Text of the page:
COPAN Continues to Make Great Strides in Advancing Artificial Intelligence (A.I.) and Digital Plate Reading for Microbiology
MURRIETA, Calif., Oct. 23, 2019 /PRNewswire/ -- COPAN continues to innovate and is leading the field of Artificial Intelligence (A.I.) and digital culture plate reading in clinical Microbiology. A groundbreaking study titled "Automated Detection of Streptococcus pyogenes pharyngitis using COLOREX Strep A CHROMagar and WASPLab™ Artificial Intelligence Chromogenic Detection Module Software" was recently published on the Journal of Clinical Microbiology (JCM).
The study is the first-in-its class peer-reviewed publication on PhenoMATRIX™ used with COLOREX Strep A culture media for the automatic detection of Group A Strep (GAS). Group A Strep (GAS) pharyngitis is an infection caused by Streptococcus pyogenes, responsible for 20% to 30% of sore throats in children between 5 and 15 years old. Pharyngeal swab samples were collected from pediatric patients with suspected pharyngitis at the Children's Hospital Los Angeles (CHLA). The samples were analyzed using COPAN's Chromogenic Detection Module (CDM), which is part of the PhenoMATRIX™ suite of A.I. algorithms. The Chromogenic Detection Module is designed to accurately detect and differentiate Strep A on chromogenic agar allowing the laboratory to provide faster results than with traditional culture methods and manual reading. Any suspected positive Group A Strep growth detected by the algorithm was confirmed by Matrix-Assisted Laser Desorption/Ionization-Time of Flight (MALDI-ToF) mass spectrometry. All specimens in this study were collected using COPAN ESwab™, which enabled specimens to be processed in parallel using a molecular assay. The study concluded that "PhenoMATRIX™ CDM software and COLOREX Strep A Agar can improve detection of GAS from throat specimens and compared favorable to molecular testing." This breakthrough publication is the first of its kind using PhenoMATRIX™ with the novel COLOREX™ chromogenic media for the automatic detection of Grou A Strep. It reflects the advancements in Artificial Intelligence technology occurring in Microbiology laboratories and the way they are impacting laboratory medicine favorably.
Microbiology is one of the most labor-intensive disciplines within the clinical laboratory field, and its role is of vital importance to overall healthcare. It is well established that laboratory professionals are asked to do more with fewer resources and to constantly demonstrate the value of laboratory medicine in clinical outcomes. "As the demand for laboratory testing increases and reimbursement rates and qualified personnel dwindle at a rapid speed, COPAN is investing in developing comprehensive A.I. solutions to support and amplify the laboratories' ingenuity and maximize the use of their resources," stated Norman Sharples, CEO of COPAN Diagnostics, Inc. "Having worked in a clinical laboratory in the past, it is fascinating to see Microbiology at an interesting juxtaposition where traditional techniques, like planting and streaking on culture media, combine with incredible advances in Artificial Intelligence and digital plate reading. COPAN is staying at the forefront of this new exciting frontier for Microbiology," added Sharples. With the interest in A.I. in Microbiology increasing, COPAN is excited to support a new American Society for Microbiology (ASM) webinar series titled "Artificial Intelligence: Applications for the Clinical Microbiology Laboratory of Today."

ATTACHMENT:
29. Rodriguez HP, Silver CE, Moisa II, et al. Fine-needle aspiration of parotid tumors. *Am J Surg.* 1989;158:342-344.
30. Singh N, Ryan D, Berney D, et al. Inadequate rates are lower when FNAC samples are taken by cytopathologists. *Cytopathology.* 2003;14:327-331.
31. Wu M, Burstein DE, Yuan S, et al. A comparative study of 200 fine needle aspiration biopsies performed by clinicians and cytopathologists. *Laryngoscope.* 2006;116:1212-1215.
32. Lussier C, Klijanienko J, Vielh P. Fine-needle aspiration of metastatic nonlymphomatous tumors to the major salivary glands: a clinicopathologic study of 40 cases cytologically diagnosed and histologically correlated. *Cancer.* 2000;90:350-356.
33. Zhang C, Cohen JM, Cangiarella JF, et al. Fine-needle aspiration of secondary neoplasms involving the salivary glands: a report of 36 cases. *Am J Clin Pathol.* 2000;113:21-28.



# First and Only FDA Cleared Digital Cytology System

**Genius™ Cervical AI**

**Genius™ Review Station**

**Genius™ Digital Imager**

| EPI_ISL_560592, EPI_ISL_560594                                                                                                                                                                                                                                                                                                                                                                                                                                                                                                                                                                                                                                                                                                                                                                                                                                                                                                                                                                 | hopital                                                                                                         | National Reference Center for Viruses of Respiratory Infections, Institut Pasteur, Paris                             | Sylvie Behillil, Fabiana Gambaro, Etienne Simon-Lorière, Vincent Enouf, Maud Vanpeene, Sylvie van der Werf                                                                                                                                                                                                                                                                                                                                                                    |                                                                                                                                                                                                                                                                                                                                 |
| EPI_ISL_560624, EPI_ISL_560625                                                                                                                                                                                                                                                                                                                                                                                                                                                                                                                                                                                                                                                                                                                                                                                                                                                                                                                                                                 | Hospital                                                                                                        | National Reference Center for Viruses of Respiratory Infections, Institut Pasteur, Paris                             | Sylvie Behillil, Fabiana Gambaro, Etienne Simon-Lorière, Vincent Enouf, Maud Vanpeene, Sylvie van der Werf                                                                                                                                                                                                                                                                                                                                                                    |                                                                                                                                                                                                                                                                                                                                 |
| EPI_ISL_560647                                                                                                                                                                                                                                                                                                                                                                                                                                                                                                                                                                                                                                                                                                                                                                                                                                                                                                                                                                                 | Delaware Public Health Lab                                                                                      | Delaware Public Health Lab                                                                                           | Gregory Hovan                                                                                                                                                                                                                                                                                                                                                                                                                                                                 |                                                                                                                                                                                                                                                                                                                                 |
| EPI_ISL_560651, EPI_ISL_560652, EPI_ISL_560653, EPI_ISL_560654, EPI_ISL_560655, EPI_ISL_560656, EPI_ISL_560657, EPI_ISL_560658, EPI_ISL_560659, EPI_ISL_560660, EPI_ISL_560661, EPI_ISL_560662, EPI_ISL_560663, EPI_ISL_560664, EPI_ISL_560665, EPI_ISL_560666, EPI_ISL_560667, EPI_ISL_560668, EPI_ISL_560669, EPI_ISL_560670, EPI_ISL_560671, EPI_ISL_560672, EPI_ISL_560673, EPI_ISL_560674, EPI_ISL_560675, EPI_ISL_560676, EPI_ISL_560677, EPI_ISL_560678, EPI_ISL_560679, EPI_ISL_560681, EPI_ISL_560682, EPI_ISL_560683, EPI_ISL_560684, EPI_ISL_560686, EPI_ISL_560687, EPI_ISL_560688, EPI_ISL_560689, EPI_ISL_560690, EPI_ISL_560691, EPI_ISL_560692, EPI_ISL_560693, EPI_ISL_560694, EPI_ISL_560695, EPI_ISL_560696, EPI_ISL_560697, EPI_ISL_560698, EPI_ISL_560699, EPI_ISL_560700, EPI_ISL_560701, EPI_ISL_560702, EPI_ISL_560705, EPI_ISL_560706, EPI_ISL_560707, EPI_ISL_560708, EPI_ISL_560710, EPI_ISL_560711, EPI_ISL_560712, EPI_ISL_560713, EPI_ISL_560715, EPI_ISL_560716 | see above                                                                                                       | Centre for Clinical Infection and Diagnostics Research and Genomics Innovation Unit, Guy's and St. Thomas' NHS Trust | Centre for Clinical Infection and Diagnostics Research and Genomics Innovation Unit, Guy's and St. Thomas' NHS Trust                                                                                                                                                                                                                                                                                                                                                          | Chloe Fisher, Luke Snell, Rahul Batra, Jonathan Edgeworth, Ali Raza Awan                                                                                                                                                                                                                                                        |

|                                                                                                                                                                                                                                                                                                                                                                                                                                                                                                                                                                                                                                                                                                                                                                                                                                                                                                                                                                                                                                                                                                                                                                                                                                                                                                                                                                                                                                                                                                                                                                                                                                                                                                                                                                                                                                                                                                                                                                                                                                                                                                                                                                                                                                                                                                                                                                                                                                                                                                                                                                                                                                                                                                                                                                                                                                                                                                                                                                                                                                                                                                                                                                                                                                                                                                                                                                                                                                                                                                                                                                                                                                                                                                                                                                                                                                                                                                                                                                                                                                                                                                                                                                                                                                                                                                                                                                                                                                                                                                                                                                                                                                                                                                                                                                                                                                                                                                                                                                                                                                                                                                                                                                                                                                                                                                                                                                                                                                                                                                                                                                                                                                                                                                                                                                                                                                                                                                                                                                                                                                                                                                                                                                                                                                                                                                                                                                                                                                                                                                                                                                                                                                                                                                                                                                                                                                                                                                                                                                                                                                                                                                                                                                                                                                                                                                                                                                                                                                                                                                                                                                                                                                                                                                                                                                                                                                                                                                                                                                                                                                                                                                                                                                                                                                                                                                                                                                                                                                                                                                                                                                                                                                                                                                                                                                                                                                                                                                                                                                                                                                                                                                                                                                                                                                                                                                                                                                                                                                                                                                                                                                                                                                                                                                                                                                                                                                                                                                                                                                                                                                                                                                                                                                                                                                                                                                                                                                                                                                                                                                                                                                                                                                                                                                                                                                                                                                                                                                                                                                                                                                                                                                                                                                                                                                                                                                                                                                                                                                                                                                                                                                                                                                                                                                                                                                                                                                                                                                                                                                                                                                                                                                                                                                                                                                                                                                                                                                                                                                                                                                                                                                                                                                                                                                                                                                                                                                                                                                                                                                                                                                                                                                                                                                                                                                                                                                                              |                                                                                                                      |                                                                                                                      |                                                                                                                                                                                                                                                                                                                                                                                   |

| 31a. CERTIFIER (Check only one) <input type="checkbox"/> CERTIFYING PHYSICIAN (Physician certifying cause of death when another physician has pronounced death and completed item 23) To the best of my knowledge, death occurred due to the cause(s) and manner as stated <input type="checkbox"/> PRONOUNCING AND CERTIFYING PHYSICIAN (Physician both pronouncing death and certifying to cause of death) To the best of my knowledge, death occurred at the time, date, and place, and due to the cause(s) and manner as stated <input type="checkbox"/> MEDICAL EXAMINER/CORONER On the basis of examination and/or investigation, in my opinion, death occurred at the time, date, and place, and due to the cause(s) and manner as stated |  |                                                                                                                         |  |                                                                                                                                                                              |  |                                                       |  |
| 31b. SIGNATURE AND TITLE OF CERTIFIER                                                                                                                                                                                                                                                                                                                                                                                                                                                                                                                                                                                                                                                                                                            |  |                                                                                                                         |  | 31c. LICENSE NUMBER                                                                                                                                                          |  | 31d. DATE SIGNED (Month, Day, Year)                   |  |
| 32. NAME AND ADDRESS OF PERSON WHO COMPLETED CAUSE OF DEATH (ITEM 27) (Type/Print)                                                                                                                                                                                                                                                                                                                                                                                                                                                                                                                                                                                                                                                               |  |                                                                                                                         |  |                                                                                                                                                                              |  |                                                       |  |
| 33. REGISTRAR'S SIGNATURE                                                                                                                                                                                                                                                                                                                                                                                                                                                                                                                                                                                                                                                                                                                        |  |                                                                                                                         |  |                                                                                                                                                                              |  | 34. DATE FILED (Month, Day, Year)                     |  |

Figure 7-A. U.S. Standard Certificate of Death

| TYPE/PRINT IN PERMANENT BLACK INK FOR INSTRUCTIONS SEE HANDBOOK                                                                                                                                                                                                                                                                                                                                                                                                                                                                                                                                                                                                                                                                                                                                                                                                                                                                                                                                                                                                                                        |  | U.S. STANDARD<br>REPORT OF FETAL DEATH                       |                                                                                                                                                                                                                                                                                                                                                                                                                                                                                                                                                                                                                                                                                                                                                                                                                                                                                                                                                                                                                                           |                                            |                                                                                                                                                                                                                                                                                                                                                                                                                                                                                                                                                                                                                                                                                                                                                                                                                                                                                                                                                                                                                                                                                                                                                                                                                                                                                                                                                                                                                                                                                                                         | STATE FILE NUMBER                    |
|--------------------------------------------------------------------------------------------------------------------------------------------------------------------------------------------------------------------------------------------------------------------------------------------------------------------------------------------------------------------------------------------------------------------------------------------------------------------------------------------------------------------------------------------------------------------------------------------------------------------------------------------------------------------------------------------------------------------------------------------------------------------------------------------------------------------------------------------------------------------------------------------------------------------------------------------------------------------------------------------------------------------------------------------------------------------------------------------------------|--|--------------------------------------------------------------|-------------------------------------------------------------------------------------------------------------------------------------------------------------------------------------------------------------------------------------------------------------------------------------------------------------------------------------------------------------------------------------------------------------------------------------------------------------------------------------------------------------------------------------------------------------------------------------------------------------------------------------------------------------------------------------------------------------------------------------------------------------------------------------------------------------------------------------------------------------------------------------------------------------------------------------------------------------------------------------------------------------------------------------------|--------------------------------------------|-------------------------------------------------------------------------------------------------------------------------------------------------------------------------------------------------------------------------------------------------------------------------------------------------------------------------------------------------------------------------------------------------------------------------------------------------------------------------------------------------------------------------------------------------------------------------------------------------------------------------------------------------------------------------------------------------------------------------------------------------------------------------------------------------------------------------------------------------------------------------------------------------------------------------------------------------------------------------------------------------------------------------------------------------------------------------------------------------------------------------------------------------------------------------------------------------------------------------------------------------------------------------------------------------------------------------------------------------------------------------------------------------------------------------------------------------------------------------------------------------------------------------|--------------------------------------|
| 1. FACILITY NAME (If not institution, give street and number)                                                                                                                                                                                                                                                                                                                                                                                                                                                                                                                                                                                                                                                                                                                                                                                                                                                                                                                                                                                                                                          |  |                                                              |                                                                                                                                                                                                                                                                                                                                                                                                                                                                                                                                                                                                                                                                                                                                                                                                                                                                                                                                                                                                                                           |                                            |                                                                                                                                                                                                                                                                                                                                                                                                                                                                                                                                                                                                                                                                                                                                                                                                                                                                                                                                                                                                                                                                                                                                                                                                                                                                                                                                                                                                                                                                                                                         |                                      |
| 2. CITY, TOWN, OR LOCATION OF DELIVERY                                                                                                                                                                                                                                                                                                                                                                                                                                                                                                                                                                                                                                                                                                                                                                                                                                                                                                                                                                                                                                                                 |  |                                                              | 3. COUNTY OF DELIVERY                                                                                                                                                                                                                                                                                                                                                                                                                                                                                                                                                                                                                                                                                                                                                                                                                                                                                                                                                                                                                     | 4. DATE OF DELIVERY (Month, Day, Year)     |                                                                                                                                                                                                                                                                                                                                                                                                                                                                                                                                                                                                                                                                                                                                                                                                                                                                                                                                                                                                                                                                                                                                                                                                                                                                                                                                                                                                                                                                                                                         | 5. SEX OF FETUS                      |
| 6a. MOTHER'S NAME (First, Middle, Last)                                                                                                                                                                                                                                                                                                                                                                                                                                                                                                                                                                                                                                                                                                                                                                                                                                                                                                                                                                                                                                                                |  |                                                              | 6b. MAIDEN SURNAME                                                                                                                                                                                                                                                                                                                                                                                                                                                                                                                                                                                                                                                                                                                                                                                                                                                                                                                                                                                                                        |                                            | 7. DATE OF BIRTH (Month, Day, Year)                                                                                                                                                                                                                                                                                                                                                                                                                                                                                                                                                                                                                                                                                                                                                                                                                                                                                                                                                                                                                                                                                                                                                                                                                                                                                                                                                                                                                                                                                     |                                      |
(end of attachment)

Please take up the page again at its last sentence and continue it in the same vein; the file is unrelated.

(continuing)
The ASM advanced level webinar series consists of five presentations. It is designed for technologists, Microbiologists, Microbiology Supervisors, Laboratory Directors, Infectious Disease Physicians, among others. Each presentation in the series is approved for 1.0 Continuing Education credit provided by the ASCLS P.A.C.E.® Program. The next webinar is on October 30th at 2:00 pm (Eastern). The webinars are conducted every other Wednesday thereafter at 2:00 pm (Eastern) concluding on Wednesday December 11th, 2019. To learn more about A.I. and to register for the next thought-provoking webinar on this series, visit: https://www.pathlms.com/asm/courses/14014. To access the unprecedented open-access JCM publication of the use of A.I. for automated detection of Group A Strep, visit: https://jcm.asm.org/content/early/2019/08/22/JCM.00811-19.
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